Eighth Annual Grand Canyon Hike (2003)
Eighth annual Grand Canyon Hike -- May 3, 2003. Several notable events set this year's hike apart from the previous ones. The most dramatic of which is the hail and snow storm that passed through the campground just after dinner. Quite an interesting experience to say the least.
Let me back up a little and start from the beginning... The trip started innocently enough this year. I planned it in March and wanted to go in early May in an attempt to lower the hiking temperature. The past few years we've seen temps near or over 100 degrees at the bottom, which really takes quite a bit out of the hikers. So the early start theoretically would help that situation. Little did I know, the El Niño year coupled with an untimely cold front made the weather at the top a little "unruly". The forecast a couple days before we left Phoenix called for rain and wind, but unfortunately we were already committed to this date. So off we went!
After peaking at 44 at one point, the final count ended up at 34 participants and 17 "full-enchilada" hikers. The 34 participants is a new record, narrowly beating the 33 from last year. (Actually, if you want to be picky, I can claim 34.75 participants. I'm counting my 9-month old niece as 1/2 a participant and Jennie's soon-to-be newborn as 1/4 since neither of them are old enough to make a conscious decision to be a part of my madness.)
A couple other firsts on this trip. We were allowed to have ground fires for the first time, which is a big help with the camping experience. Unfortunately it made the cooking awkward since they did not provide us with the usual stand-up charcoal grills. We had to make do with the firepit grates. Also, this is the first year I brought a digital camera to capture the scenery. I'm using a Pentax Optio GS330 3-megapixel camera. The images you see here were captured at 2048x1536 and reduced down to 600x450 for easier viewing. Finally, this is also the first year we had multiple FRS walkie talkies along with us. I was amazed at the range in the canyon. We could communicate with someone at Mather Point or Bright Angel trailhead most of the time throughout the entire hike! This is a must have for all future trips.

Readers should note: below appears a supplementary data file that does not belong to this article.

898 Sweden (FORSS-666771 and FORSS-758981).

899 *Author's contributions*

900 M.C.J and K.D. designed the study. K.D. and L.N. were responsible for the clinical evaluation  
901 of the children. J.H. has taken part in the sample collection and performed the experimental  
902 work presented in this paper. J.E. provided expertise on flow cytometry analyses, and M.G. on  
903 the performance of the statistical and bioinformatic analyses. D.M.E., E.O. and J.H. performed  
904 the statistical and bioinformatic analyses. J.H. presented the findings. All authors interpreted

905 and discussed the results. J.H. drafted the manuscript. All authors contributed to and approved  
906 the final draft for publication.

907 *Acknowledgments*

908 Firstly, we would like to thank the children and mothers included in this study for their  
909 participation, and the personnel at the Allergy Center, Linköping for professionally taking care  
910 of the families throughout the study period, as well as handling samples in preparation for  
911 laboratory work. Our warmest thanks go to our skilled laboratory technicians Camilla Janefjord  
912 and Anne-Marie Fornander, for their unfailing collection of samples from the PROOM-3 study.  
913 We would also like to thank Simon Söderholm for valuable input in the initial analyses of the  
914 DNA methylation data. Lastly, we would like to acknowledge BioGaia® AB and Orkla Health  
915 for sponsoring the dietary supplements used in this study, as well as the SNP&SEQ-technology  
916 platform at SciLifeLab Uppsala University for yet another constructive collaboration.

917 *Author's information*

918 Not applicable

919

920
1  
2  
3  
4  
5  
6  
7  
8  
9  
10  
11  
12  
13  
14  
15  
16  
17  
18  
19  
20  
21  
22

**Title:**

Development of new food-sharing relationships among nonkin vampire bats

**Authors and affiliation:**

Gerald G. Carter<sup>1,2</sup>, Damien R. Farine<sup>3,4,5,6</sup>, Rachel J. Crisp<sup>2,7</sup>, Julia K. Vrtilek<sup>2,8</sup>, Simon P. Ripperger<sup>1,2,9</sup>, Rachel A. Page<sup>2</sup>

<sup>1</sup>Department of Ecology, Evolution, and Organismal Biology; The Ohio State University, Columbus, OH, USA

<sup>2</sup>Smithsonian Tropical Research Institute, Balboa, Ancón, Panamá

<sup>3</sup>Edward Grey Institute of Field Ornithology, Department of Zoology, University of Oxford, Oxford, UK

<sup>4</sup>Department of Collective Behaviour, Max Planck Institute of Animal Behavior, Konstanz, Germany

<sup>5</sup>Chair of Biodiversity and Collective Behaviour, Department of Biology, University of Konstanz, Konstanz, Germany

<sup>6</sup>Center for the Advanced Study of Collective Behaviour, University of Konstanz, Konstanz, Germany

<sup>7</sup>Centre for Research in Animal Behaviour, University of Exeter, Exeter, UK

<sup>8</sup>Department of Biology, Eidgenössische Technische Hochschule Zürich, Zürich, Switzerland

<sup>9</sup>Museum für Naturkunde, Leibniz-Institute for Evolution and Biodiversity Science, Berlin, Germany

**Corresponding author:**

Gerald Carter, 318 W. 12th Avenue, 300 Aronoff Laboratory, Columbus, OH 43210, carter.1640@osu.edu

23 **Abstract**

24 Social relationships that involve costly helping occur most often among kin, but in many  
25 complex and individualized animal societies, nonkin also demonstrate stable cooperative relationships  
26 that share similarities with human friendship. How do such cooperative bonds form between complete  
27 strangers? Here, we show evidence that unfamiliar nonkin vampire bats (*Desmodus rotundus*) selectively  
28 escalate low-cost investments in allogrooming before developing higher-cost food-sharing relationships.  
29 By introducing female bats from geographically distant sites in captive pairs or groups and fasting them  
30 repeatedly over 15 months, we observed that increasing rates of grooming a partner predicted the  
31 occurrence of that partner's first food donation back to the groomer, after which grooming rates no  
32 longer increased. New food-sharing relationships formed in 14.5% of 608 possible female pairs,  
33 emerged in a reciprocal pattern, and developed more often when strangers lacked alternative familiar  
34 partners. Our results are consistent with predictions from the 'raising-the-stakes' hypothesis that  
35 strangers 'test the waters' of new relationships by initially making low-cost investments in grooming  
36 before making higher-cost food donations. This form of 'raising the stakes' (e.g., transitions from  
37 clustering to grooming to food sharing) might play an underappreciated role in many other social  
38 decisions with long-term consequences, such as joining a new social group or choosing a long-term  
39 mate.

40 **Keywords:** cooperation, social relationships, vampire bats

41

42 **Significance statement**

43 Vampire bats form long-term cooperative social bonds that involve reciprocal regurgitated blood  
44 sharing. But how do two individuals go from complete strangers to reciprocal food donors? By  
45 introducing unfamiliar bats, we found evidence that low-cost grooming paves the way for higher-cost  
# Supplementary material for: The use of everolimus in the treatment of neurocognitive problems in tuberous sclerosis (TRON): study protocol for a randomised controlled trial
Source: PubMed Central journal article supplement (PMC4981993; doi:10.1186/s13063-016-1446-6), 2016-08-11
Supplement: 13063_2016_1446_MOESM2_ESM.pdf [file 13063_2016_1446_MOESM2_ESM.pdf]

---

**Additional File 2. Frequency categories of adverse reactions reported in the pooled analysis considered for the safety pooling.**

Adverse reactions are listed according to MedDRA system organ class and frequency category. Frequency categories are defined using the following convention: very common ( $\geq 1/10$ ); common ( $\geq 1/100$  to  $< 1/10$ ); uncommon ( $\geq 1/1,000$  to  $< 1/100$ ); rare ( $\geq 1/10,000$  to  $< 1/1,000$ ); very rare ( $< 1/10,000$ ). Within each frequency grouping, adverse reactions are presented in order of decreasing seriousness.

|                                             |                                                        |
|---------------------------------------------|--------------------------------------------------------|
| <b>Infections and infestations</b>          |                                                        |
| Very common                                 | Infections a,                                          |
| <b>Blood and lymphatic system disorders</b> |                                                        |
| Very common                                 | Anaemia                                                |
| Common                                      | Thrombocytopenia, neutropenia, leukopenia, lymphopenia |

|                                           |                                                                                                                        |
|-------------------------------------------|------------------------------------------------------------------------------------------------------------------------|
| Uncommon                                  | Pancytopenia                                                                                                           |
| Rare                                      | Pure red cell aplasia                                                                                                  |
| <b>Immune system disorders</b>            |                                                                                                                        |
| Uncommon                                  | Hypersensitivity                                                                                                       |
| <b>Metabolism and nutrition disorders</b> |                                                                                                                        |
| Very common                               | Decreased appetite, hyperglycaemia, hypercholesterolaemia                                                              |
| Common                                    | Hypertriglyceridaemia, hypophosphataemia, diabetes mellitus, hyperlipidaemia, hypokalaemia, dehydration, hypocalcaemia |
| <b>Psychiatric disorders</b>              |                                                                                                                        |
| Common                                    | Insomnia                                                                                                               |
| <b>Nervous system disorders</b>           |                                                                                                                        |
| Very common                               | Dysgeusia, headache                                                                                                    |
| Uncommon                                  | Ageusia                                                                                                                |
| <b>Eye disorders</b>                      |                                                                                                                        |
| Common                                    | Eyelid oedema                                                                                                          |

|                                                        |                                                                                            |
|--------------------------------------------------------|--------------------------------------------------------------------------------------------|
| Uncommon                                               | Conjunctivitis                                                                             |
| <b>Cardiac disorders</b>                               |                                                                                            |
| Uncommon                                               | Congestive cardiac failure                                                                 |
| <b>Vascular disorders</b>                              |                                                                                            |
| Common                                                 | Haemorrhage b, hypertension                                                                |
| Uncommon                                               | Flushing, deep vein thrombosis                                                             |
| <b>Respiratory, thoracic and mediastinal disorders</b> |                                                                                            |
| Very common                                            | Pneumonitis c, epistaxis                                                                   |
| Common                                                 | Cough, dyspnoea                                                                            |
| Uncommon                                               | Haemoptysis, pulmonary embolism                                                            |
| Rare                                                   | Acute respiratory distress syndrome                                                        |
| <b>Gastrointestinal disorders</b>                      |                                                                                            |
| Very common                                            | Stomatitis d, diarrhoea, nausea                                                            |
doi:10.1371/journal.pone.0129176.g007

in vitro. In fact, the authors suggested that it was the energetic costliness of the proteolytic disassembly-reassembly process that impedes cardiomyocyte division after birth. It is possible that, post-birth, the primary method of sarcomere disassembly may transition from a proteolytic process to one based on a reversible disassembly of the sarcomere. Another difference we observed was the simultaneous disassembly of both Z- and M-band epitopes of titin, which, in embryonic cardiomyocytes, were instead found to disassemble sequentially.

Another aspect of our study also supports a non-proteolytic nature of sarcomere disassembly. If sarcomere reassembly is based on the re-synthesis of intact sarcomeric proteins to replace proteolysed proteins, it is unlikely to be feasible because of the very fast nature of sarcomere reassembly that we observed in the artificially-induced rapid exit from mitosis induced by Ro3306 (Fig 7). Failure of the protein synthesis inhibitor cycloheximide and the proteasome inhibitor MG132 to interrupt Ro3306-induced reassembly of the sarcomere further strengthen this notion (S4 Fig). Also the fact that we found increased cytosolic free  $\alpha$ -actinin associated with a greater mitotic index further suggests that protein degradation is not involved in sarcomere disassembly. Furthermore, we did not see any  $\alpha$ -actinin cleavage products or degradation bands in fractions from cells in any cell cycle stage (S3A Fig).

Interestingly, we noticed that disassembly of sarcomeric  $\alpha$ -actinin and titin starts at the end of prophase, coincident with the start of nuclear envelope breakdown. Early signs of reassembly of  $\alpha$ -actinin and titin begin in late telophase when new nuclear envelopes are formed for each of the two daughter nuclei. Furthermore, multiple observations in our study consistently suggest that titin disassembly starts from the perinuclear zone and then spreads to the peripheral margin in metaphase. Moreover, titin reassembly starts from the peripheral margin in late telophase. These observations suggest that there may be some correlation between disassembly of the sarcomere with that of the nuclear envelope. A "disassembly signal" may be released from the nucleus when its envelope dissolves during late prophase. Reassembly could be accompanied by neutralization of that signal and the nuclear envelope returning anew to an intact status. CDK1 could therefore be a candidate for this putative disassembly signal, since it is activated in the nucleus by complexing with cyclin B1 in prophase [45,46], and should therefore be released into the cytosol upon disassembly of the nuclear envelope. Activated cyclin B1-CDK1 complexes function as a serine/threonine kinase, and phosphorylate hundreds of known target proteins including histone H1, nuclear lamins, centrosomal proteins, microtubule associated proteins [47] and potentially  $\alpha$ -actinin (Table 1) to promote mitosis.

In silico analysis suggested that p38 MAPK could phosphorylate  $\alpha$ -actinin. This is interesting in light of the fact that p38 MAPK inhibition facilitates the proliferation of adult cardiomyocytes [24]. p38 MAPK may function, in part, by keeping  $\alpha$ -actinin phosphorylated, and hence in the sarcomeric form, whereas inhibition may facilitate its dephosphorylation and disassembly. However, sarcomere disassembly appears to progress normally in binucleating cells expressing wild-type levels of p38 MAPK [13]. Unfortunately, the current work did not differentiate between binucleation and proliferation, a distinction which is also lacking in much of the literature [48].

I'm also going to describe the "routine" in more detail throughout these next frames so as to capture more accurately the entire hiking experience. If any of you wish to do this in the future, it might help you to gauge the effort. So without further ado, here we go for #8: